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The Group Travel Leader Small Market Meetings Going on Faith

Culture Meets Commerce in China

Temples and Traditions

The following day we flew to Beijing. Its Temple of Heaven, built in 1420, was the best window on traditional culture we had all week. In this huge parklike setting, we watched as thousands enjoyed an early spring day.

An elegant woman danced in the center of a ring of harmonica players. “Chinese people love to dance in the public square,” said Leo.

We walked past games of hacky sack, where men and women kept a birdielike object aloft with their feet. A huge crowd surrounded a band and a conductor, who led them in singing. Outside a gate, a family played songs on traditional gourd flutes.

We walked up on a marriage market, where men spread profiles of prospective brides and grooms on the pavement. They compared the “credentials” of potential mates for their children. When we tried to take photos, they shooed us away.

“If one of their kids is over 26, they begin to worry,” said our local guide, May.

The remainder of that day was spent at the Forbidden City and Tiananmen Square. Built in the early 15th century, the Forbidden City was home to emperors and their households for 500 years.

The walled city is massive; almost 1,000 buildings are there, and their courtyards stretch for acres. We joined thousands of Chinese visitors in touring its outer and inner courts. The first was for ceremonial events; the second held living quarters for the emperor’s vast household.

“The emperor had 3,000 concubines at any given time,” said May. “They stayed in the Forbidden City for life. You had 9,000 housemates and eunuchs living around you. Boys who became eunuchs were sold by their families for food and living assistance.”

When we got to Tiananmen Square, the Great Hall of the People was being used for the government’s National People’s Congress. Huge red flags were flying across the square for this Communist Party meeting.

Chairman Mao’s Mausoleum is there, as is the National Museum and monuments to World War II and the Domestic War, China’s civil war that lasted from 1927 until 1950 and ended with Communist rule.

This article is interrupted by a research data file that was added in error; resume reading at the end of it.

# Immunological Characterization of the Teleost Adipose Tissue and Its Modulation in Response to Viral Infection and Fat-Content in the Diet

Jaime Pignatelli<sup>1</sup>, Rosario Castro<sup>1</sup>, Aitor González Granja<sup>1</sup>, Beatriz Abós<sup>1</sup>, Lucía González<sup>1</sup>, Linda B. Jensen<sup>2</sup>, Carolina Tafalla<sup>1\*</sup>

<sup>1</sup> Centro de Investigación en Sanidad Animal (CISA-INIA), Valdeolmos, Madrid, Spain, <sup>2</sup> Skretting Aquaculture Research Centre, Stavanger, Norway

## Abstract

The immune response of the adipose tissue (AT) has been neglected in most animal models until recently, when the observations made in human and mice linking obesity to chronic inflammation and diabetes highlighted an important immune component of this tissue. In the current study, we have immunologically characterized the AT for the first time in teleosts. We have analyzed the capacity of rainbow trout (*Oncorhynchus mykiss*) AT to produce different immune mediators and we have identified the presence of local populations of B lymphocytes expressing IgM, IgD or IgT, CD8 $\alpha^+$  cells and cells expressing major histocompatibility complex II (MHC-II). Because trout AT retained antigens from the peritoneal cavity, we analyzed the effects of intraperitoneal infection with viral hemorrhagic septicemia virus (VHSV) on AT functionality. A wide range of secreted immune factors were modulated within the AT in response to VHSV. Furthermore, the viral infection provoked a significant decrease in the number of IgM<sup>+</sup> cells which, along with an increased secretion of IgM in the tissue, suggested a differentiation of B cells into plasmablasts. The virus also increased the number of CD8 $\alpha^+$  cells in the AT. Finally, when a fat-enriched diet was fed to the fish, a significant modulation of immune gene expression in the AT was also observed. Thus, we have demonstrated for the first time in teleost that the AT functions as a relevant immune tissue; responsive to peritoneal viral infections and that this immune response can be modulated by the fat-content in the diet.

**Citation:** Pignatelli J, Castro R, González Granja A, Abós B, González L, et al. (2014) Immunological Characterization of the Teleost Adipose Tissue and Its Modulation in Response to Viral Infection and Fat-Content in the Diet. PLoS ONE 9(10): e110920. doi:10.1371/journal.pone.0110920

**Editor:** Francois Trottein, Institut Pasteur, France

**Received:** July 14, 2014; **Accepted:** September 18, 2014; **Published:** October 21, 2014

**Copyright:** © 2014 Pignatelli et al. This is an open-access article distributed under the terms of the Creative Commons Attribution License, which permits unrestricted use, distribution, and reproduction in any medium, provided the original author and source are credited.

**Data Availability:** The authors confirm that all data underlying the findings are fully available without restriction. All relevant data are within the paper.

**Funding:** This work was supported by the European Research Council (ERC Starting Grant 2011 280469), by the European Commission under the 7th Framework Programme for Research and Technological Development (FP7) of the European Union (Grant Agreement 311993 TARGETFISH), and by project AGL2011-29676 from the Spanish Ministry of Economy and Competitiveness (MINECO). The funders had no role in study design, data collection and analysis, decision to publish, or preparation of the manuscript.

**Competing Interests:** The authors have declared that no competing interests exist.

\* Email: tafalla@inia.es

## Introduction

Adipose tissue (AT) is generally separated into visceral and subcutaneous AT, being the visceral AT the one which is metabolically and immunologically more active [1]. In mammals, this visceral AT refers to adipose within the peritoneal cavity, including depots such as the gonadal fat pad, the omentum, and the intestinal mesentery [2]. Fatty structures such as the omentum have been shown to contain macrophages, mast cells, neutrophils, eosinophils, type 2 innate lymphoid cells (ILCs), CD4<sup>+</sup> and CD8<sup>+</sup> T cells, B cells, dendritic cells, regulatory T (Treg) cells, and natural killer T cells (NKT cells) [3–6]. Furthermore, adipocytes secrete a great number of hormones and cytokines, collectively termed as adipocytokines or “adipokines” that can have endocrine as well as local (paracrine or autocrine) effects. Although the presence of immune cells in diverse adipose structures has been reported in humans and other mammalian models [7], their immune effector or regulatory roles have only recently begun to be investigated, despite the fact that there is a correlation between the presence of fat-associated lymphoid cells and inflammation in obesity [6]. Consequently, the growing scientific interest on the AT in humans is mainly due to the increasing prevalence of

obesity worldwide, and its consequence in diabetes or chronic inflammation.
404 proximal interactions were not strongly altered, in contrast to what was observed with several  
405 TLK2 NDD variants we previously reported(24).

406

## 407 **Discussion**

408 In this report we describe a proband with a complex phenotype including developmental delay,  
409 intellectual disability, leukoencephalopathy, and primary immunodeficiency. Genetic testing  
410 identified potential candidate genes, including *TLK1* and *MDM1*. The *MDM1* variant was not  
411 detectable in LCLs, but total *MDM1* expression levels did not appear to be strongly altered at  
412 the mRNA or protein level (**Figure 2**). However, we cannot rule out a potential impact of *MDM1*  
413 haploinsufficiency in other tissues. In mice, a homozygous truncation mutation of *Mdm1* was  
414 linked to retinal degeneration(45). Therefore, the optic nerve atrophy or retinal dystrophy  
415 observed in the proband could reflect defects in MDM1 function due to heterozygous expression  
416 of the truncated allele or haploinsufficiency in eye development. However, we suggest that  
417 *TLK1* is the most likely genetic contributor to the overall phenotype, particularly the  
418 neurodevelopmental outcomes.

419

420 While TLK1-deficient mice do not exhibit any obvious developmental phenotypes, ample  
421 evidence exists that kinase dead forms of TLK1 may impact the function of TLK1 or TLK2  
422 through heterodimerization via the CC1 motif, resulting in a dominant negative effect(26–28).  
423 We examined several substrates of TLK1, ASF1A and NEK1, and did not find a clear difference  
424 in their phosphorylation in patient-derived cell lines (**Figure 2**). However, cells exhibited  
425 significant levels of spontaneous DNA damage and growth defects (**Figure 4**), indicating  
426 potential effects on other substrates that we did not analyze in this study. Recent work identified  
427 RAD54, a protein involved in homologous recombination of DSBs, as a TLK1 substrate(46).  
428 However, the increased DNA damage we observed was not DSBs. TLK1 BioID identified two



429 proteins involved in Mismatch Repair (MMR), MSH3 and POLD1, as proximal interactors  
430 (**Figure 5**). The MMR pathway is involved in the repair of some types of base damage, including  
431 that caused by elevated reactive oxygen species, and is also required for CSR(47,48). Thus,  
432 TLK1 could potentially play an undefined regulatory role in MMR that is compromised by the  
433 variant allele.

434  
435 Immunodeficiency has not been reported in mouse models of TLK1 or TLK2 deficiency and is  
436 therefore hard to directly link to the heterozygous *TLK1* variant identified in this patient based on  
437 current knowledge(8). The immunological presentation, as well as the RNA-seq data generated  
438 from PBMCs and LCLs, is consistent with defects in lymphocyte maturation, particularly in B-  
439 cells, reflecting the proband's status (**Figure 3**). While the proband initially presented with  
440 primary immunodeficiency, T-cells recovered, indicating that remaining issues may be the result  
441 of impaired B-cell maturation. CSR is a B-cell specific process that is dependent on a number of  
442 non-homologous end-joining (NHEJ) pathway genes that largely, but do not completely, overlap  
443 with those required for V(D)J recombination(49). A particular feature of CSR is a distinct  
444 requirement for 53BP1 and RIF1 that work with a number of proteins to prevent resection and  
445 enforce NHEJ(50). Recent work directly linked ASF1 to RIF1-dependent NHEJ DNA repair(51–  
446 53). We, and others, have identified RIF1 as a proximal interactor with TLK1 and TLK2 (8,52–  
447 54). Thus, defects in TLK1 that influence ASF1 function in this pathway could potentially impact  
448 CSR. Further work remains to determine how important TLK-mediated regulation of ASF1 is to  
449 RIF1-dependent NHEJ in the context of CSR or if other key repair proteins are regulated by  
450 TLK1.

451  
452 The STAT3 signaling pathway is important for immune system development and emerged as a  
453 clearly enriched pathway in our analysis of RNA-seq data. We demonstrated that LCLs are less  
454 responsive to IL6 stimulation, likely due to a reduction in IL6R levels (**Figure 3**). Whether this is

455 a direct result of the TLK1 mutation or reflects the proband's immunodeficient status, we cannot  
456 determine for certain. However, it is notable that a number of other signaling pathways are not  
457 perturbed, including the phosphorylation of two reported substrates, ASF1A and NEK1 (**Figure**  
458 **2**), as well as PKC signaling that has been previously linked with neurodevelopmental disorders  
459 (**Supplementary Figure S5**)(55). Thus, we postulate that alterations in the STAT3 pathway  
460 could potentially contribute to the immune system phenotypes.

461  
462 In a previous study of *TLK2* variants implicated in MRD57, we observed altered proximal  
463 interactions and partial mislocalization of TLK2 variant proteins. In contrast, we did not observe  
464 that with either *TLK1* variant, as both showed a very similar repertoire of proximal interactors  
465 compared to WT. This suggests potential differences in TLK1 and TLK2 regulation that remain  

“Mao opened up Tiananmen Square,” said May. “He moved China from feudalism to socialism. He tried to brainwash a lot of people during the Cultural Revolution. We hope one day we can have the freedom you have in the United States.”


The Greatest Wall of All

The Great Wall of China stretches nearly 4,000 miles, not including trenches, and most of it dates to the Ming dynasty. On our last day, we traveled to Juyongguan Pass, where the massive wall traverses steep mountains into the horizon. I headed for the uppermost tower in the pass, hundreds of feet above us.

“Leave half of your energy for coming back down,” said May. “You have to be more careful coming down because the steps are very uneven.”

That was good advice. So is this: Do the Great Wall in the morning when you have ample energy because some steps are as much as two feet high.

Take photos both ways as you go up because coming back down is tricky. If you are in good shape, you can lose the crowd going up, but you’ll meet them again coming back down, so it’s much more congested.

It took me about 40 minutes to climb to the uppermost tower. Where I started the wall was three meters wide, but it narrowed to maybe a meter as I neared the top.

The following day, our day of departure, my legs ached from climbing as high and as fast as I did. The Chinese call that “noodle legs.” The ascent was worth it.

Let’s see: Exclusive of flights, we spent nine days and eight nights on the ground in China. I should probably do the numbers — nine means royalty, and eight means wealth.

For me, those add up to one remarkable trip.


Wendy Wu Tours